Hofmann - Zur Laute (To the lute)
Heinrich Hofmann (1842 - 1902), German composer and pianist, is relatively little known today, despite his fame as an orchestral composer in the 1870s and 1880s.
We was a pupil of Kullak.
Pupil Match & Suitability
The need to be able to learn fairly quickly is important here.
For most young pianists, this style of piano writing - with its constant semiquaver accompaniment spread between the hands - is not an easy one to get to grips with.
The challenge is to be able to get the notes under the fingers quickly so that concentration and focus can be given to the development of musical qualities.
Good use of the wrist and forearm flexibility should help younger pupils to more easily get small hands around some of the larger stretches.
Style & Tempo
The melting, tender romantic style is very evident here. It is very simply a brief tune over a rippling accompaniment.
However the structure is well balanced and the more turbulent middle section helps to give a satisfying structure to the composition.
Phrasing & Articulation
There are two 8 bar phrases in between which there is a 10 bar phrase. At the beginning there is a brief quasi free introduction and at the end a contemplative short coda.
The fact that semiquavers are in abundance should not divert the musical attention away from the tune at the trop of the RH line. Always consider these longer note values and let them reach out and forwards into the middle of the phrase and onwards to the end without allowing it to sag midway.
Compare these two versions where the first simply does not have the required momentum, and where the second has greater flexibility and musical poetry to it.
Tone & Texture
Clearly this demands a cantabile touch on the top line.
Of itself this should not prove difficult. However the RH also has to fill in with semiquavers in places and therefore has a dual role.
Practise the top line cantabile alone first, as shown here.
Cantabile, as a technique, has been mentioned in the section on tone.
Otherwise, it is important to apply a flexible LH wrist and forearm in order to best negotiate the various LH arpeggio patterns which do cover a fairly wide range of the keyboard.
Notice, in this example, how supple the hand is and how it prepares for the next chord in plenty of time. Nothing is snatched, hurried or awkward.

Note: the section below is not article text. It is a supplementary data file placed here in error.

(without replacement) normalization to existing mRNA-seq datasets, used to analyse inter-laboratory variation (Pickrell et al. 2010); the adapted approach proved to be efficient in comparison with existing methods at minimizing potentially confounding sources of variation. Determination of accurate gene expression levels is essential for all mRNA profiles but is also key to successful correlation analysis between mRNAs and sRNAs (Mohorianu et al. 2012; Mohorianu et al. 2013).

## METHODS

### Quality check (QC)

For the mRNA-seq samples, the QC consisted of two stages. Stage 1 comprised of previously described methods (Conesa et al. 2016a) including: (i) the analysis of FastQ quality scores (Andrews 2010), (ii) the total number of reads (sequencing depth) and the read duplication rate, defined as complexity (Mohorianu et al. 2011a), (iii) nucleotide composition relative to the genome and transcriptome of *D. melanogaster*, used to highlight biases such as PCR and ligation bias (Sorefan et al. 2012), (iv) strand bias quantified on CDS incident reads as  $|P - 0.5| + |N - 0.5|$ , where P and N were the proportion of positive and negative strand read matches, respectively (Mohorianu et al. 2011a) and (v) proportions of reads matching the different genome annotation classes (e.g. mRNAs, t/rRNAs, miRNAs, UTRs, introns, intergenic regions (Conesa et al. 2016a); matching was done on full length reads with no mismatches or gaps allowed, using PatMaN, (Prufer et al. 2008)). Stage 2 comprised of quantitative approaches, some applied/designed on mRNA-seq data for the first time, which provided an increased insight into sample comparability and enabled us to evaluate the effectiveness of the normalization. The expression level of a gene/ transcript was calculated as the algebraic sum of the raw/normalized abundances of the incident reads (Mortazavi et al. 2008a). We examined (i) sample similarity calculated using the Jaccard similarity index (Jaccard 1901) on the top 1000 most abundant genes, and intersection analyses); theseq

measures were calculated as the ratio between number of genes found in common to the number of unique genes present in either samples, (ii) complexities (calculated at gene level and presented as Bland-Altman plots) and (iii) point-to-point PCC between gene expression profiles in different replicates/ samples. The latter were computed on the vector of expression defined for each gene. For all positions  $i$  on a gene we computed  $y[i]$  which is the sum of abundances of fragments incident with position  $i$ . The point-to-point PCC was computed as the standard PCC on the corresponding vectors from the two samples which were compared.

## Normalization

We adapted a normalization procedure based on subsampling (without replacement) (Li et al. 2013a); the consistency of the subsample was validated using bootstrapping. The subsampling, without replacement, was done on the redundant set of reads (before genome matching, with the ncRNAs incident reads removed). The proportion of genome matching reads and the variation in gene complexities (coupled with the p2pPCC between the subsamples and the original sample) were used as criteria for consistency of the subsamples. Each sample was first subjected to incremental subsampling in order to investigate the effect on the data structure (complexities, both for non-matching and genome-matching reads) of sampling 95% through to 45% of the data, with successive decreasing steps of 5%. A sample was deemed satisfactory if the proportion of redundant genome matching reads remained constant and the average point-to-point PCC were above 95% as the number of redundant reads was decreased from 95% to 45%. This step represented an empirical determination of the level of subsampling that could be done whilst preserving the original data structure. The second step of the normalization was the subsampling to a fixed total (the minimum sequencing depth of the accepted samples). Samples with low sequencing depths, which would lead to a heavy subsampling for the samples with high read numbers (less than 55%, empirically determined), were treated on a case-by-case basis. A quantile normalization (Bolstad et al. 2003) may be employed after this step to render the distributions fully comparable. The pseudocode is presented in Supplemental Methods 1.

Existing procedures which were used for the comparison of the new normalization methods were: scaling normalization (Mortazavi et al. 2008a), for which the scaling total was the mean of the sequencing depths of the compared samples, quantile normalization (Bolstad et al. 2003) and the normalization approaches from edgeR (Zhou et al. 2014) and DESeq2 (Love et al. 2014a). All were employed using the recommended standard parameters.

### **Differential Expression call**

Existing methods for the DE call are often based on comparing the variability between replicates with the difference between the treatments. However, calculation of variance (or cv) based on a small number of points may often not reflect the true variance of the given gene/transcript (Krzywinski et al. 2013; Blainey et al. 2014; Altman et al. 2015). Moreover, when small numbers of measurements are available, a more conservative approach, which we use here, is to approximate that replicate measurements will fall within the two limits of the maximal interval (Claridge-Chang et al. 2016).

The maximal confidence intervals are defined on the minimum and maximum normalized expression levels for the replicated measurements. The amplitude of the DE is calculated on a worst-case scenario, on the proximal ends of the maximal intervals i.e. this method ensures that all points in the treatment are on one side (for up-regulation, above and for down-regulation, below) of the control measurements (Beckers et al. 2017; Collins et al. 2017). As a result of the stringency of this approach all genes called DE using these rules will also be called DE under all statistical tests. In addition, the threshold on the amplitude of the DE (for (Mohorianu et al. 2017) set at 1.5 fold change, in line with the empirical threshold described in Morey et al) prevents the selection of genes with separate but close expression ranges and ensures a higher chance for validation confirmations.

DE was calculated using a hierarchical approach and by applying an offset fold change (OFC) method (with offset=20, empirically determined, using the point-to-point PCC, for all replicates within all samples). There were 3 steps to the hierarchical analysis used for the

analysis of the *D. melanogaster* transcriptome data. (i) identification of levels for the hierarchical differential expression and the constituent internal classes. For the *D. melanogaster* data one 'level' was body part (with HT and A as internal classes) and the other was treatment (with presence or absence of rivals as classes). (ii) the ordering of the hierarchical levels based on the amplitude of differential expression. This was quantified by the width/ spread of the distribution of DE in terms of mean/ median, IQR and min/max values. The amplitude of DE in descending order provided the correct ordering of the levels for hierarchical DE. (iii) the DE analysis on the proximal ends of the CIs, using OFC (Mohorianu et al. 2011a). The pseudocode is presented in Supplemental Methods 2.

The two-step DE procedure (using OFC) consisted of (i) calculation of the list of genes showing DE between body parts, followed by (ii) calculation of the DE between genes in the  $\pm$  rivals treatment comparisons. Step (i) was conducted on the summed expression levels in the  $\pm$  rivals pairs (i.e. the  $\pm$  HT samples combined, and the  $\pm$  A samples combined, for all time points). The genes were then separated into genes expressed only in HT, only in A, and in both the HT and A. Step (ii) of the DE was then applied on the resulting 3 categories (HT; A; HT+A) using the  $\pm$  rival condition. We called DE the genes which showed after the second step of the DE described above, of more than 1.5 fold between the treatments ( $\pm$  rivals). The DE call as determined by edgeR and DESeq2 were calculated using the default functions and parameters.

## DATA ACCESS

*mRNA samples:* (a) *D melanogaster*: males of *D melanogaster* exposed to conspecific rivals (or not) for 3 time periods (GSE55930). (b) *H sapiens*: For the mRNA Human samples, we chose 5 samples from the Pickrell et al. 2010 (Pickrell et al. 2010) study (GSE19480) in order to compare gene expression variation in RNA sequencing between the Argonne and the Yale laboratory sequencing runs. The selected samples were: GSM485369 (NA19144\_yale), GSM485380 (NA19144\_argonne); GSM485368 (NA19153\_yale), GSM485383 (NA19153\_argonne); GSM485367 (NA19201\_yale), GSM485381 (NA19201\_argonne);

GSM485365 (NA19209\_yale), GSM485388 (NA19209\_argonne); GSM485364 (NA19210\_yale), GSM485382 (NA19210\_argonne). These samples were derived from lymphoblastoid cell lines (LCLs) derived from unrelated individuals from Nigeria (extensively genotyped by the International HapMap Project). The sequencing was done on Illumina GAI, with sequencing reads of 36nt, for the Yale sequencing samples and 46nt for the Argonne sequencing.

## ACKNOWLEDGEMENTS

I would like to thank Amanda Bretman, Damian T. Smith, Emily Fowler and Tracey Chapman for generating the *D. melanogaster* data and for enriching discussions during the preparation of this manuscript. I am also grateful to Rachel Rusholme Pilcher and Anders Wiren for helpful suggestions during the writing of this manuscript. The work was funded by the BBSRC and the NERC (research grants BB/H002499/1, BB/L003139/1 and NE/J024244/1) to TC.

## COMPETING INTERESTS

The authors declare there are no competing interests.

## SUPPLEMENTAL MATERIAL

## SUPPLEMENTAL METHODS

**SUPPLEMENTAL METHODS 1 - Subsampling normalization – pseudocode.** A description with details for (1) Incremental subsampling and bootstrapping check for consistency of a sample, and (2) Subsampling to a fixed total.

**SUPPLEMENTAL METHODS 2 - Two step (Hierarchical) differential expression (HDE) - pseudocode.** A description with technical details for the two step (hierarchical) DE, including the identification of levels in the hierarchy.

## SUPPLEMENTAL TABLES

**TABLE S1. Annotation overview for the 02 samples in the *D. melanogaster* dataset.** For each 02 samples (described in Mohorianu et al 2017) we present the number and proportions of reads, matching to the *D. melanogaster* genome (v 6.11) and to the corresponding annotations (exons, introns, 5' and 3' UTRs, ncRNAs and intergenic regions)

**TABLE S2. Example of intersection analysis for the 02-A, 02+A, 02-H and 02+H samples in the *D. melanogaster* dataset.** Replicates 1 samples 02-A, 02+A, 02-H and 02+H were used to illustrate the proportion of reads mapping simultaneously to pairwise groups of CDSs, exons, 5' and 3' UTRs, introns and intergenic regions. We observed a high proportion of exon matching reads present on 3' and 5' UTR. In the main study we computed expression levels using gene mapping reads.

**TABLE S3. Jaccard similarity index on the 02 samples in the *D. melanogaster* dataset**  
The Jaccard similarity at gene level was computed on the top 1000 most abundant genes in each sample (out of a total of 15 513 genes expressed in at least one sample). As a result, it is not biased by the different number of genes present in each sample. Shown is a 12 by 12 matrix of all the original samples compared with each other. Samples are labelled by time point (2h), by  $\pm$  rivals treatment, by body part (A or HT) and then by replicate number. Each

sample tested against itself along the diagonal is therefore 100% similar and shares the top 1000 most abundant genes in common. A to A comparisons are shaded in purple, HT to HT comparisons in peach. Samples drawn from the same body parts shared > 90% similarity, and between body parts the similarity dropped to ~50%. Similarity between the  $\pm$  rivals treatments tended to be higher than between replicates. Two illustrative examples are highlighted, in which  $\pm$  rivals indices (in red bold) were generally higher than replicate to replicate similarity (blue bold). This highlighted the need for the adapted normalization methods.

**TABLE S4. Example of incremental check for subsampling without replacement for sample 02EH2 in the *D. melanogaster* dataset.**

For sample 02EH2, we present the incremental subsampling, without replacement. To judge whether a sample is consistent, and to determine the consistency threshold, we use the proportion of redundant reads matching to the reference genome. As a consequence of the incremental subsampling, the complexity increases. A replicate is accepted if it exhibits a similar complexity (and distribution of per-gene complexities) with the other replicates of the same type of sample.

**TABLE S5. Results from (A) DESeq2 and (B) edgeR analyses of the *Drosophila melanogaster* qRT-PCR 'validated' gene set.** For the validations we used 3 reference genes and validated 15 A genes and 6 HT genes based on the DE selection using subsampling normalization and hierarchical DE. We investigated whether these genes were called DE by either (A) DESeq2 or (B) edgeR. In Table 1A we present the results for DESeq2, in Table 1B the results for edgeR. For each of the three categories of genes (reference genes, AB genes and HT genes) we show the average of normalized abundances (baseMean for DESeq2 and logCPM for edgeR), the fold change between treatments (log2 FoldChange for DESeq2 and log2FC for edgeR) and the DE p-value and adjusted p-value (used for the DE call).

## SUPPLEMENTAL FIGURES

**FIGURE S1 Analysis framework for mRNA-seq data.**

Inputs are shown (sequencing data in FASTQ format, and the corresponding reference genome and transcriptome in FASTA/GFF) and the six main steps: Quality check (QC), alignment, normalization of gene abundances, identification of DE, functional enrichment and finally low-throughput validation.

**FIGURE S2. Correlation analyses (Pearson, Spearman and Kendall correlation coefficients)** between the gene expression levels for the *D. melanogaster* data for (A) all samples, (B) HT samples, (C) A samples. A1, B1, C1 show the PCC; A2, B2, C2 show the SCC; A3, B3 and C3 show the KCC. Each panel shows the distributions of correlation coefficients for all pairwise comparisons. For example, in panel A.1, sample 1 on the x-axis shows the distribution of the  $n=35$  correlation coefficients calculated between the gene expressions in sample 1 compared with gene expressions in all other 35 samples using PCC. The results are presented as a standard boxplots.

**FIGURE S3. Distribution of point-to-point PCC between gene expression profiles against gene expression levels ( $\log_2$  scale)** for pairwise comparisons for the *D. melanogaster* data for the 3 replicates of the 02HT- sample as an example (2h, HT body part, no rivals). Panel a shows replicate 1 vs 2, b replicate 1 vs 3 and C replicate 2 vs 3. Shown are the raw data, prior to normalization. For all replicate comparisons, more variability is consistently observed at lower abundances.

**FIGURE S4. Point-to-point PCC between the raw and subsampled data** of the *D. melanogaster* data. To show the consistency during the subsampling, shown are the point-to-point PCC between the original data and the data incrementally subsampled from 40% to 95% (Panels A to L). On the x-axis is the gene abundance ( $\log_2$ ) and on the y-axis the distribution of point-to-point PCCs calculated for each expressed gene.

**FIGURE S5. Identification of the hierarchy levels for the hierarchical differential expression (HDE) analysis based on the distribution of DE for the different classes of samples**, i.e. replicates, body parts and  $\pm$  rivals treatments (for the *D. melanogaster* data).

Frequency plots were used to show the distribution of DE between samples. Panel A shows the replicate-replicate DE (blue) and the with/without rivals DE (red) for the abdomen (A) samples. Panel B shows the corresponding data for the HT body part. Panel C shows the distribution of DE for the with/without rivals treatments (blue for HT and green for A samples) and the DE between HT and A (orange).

Always strive to make your playing feel comfortable.
Follow the obvious split between hands, as far as the semiquaver accompaniment is concerned.
The printed fingering for the LH usually works well.
Note that wrist flexibility is essential to provide the necessary ease for this to work (as illustrated).
A good legato pedalling is needed throughout. Mainly this is applied in dotted crotchets to fit with the harmonic changes.
Mostly this is straightforward and should consist of lifting the pedal after the beat whilst ensuring that the LH holds the bass note until the pedal captures it.
Notice how the pedal comes right up and clears the previous sound completely, but without making a bumpy noise.
It is important to get your students to learn the notes quickly so that they can then concentrate upon the musical qualities.
The music is built up from arpeggio patterns, so analyze the chords with your students and get them to learn where their LH needs to go from memory.
By this stage the student should be capable of monitoring their own practice and taking responsibility for their own learning to a greater degree.
Encourage them to plan out their own practice and to achieve what they set out to achieve each week, rather than perhaps aiming to achieve but not getting there.
Insist on confident note playing as soon as possible. Work hard on learning the notes with vigour until these are easily known.
If you find that your student is struggling with this piece, it may well be that it is beyond them at this stage. Better to choose something new at an early stage than to labour on when the prospects of achieving anything better is only a distant one.
If note reading is not quick then memorizing - so long as this is relatively quicker - could be a valuable option.
An excellent performance has tenderness and suppleness about it. The rippling semiquavers are fed by the momentum of the musical line and the harmonic impetus, helping to support the melodic flow with ease and eloquence.
A good performance sits comfortably with performer and audience alike. It has expressive nuances and some subtlety about it even if there are areas which are more refined than others, or that at times passion wins out to refinement.
A sound performance will have a feeling for the style and mood. There may well be a rather more deliberate sense of top line projection than subtlety of tone, and aspects of balance may well still require working on. However it will have a comfortable tempo to it and have good accuracy and fluency despite, perhaps, some musical shortcomings.